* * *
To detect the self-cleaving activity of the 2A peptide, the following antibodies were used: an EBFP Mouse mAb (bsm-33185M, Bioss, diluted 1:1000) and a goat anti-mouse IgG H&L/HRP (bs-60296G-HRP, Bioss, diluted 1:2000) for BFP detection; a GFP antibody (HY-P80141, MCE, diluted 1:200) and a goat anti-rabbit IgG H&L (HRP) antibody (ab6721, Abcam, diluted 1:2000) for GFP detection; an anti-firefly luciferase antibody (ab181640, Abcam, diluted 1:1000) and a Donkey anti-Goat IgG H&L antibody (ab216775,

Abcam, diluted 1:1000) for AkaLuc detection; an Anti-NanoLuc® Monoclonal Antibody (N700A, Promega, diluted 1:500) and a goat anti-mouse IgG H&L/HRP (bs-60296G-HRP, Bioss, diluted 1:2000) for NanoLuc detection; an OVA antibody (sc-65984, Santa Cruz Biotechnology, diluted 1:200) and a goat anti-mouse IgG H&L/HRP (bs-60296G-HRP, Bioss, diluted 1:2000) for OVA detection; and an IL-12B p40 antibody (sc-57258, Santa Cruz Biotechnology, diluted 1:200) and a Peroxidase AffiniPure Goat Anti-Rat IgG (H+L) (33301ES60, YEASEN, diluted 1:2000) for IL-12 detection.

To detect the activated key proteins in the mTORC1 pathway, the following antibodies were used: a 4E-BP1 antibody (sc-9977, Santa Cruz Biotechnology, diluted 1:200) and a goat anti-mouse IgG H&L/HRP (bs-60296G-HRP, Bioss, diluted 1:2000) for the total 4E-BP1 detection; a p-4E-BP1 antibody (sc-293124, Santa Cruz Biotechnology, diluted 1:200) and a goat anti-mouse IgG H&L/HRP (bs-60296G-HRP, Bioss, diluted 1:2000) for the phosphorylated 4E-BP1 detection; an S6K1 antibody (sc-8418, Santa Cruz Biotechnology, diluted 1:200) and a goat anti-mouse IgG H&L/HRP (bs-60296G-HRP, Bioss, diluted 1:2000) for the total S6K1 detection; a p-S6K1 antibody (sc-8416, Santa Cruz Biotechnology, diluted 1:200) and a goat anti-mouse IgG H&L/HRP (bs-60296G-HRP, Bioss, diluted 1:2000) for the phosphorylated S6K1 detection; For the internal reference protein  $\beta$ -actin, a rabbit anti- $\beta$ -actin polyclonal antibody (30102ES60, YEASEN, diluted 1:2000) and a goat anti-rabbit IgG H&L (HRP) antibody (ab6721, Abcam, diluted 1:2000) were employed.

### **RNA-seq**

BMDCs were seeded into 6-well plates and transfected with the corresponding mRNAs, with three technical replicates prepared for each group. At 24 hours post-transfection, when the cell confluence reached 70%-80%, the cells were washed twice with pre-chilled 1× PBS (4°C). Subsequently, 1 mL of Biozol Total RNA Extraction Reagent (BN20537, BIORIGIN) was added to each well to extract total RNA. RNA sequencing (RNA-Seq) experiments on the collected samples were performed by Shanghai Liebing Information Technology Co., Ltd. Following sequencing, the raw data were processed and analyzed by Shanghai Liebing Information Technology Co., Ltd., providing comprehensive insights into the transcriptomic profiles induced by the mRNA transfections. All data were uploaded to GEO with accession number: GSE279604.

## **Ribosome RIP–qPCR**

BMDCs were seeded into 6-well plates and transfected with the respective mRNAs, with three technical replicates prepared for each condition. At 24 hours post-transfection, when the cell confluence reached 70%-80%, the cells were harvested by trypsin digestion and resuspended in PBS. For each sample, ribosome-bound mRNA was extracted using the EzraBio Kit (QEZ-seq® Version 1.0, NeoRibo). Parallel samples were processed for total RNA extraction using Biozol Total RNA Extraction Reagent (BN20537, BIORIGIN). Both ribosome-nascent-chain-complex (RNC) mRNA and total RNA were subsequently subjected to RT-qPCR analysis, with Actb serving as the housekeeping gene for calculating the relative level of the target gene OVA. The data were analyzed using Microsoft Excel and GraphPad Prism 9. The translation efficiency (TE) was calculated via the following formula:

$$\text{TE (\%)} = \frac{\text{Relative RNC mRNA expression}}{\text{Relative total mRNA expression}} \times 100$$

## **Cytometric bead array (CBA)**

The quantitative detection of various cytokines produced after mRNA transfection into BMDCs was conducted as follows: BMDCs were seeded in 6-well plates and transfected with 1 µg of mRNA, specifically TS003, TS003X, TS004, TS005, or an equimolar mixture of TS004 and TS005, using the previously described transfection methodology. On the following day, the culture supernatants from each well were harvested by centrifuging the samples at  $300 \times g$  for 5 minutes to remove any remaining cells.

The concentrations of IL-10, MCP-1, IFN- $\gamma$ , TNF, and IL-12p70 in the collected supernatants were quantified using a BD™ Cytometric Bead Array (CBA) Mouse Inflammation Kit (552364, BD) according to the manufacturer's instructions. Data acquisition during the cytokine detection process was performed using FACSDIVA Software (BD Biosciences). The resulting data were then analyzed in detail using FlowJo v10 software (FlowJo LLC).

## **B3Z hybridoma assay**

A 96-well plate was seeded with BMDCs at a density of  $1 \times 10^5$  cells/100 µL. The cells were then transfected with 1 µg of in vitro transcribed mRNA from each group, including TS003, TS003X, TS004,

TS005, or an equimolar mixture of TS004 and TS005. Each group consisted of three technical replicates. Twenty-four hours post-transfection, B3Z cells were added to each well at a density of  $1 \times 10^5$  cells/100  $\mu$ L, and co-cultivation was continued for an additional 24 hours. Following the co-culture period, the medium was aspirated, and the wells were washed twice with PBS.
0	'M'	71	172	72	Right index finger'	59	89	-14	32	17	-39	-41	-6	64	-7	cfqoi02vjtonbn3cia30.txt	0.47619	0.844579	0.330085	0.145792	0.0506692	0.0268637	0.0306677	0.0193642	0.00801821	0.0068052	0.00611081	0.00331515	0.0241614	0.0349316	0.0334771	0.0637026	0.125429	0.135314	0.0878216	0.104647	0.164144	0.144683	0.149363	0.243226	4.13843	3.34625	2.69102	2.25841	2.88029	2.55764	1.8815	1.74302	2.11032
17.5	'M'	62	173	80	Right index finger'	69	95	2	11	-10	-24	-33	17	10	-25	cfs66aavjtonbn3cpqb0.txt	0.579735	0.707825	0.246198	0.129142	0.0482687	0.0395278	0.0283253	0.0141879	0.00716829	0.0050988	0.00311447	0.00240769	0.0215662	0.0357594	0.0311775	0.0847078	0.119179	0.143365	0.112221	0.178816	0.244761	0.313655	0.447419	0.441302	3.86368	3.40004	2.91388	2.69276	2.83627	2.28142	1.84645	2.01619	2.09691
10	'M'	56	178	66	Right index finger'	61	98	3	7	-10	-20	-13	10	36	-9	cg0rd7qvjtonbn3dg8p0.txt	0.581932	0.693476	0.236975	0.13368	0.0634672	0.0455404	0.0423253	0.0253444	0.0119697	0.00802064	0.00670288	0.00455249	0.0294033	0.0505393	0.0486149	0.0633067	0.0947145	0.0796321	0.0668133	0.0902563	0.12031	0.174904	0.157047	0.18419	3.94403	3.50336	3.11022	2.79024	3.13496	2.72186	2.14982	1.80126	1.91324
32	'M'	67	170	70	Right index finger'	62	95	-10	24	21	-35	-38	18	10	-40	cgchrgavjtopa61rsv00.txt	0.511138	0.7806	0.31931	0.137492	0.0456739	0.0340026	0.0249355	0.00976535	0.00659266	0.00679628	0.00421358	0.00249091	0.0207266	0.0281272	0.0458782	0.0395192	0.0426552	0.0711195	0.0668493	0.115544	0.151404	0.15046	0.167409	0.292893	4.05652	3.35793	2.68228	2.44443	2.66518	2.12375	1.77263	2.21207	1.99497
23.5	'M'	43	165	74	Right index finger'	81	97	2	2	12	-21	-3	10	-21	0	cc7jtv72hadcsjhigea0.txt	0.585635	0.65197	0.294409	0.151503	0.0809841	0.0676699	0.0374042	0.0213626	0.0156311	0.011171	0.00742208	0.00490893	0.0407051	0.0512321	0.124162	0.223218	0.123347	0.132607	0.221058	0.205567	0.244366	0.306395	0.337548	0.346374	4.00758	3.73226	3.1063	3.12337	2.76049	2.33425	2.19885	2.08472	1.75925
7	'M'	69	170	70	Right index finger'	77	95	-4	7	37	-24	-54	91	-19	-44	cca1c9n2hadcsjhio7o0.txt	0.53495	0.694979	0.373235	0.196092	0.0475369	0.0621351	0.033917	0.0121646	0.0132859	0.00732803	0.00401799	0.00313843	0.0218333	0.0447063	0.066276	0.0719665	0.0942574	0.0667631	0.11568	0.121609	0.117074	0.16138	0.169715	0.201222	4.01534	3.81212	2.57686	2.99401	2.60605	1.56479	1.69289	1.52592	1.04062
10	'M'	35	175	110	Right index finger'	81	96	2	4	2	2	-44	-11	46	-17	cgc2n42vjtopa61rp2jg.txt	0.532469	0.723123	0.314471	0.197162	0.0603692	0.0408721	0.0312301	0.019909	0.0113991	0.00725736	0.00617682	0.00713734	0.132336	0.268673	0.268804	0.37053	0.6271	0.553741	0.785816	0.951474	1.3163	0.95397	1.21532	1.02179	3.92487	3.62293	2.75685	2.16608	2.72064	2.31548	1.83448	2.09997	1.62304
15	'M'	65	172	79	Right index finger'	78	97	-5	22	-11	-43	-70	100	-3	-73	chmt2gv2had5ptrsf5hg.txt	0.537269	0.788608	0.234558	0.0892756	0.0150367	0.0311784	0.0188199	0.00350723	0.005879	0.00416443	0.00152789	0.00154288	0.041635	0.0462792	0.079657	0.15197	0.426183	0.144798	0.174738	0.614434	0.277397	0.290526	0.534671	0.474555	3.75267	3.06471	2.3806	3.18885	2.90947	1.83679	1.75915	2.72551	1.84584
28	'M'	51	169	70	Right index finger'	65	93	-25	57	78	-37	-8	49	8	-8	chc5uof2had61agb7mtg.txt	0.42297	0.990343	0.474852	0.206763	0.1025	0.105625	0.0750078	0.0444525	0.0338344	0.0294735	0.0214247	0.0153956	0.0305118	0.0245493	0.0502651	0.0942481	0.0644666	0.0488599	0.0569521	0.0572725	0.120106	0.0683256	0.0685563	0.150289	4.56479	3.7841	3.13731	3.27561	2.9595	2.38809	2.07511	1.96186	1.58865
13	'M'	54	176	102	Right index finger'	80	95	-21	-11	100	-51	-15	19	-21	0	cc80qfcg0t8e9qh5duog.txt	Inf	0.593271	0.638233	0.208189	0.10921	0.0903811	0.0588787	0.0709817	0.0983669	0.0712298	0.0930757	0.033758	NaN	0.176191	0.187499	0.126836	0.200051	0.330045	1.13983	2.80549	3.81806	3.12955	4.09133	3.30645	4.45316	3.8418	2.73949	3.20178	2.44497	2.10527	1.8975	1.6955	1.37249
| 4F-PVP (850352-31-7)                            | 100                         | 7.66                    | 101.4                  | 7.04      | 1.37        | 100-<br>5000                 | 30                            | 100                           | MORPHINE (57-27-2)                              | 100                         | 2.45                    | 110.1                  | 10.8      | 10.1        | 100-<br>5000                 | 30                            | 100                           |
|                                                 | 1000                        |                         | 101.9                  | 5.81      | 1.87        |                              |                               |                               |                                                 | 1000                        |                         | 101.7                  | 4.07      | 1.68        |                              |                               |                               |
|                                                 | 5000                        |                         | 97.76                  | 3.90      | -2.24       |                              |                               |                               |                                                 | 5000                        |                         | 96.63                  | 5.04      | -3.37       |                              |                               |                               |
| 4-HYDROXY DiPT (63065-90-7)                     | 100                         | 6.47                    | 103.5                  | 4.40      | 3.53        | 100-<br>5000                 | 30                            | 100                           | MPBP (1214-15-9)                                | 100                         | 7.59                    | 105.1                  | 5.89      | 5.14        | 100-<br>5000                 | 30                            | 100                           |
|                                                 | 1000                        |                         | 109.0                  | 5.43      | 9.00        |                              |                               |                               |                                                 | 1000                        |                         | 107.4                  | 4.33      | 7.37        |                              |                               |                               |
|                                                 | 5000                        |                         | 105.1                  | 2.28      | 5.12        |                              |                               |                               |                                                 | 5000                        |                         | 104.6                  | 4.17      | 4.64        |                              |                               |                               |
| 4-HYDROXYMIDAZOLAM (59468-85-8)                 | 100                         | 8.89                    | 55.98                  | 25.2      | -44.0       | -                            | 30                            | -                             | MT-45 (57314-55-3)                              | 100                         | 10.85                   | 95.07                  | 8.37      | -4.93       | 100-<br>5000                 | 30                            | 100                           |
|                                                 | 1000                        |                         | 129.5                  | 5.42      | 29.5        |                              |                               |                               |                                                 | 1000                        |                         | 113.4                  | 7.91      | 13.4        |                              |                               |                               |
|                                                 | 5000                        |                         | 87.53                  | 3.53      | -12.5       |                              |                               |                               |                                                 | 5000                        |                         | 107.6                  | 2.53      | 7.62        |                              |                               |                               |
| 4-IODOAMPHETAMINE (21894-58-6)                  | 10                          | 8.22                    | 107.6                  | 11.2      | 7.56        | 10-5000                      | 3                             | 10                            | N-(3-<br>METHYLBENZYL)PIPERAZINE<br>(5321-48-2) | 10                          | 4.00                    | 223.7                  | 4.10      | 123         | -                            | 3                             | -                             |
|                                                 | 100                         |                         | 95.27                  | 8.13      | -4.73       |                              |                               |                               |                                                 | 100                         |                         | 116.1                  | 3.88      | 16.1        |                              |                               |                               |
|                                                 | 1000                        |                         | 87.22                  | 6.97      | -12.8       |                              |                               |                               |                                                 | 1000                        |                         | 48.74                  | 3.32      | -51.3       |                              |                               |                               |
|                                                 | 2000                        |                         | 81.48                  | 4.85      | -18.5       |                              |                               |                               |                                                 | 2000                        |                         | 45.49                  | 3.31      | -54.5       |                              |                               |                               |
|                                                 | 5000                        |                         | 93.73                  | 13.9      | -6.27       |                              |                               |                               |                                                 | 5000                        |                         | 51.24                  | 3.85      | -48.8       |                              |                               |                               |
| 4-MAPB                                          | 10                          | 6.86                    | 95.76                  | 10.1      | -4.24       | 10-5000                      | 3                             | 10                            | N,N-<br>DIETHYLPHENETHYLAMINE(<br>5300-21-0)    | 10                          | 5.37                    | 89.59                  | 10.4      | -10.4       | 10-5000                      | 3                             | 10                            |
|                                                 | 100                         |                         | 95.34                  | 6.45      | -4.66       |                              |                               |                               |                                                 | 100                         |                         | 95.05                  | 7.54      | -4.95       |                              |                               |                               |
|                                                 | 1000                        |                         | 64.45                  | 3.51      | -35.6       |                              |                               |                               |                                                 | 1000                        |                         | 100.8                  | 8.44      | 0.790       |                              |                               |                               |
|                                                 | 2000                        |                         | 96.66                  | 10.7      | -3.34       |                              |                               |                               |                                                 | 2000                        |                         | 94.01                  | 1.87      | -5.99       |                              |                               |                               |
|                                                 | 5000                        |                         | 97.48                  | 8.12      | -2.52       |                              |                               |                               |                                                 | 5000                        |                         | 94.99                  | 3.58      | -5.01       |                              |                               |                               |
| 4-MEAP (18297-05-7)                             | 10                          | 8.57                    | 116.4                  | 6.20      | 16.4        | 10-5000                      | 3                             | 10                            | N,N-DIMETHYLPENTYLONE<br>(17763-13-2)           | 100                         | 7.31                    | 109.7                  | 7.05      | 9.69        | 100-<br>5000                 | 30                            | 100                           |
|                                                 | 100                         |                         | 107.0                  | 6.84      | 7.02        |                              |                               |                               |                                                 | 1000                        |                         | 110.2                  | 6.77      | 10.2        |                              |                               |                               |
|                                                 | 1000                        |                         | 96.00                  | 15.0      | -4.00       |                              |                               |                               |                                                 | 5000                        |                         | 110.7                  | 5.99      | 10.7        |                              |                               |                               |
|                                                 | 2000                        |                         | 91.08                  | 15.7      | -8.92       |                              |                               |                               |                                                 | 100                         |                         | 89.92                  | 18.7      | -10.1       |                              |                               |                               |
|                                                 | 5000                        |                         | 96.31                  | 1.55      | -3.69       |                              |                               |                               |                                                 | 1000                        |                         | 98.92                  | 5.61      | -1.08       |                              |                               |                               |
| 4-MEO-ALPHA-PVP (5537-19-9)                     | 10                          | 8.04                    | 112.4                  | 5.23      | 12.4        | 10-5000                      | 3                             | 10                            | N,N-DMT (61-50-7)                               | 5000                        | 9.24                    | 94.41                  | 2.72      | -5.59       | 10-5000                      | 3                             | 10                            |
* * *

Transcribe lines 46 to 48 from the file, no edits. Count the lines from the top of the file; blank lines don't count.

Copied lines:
|                                                 | 1000                        |                         | 96.00                  | 15.0      | -4.00       |                              |                               |                               |                                                 | 5000                        |                         | 110.7                  | 5.99      | 10.7        |                              |                               |                               |
|                                                 | 2000                        |                         | 91.08                  | 15.7      | -8.92       |                              |                               |                               |                                                 | 100                         |                         | 89.92                  | 18.7      | -10.1       |                              |                               |                               |
|                                                 | 5000                        |                         | 96.31                  | 1.55      | -3.69       |                              |                               |                               |                                                 | 1000                        |                         | 98.92                  | 5.61      | -1.08       |                              |                               |                               |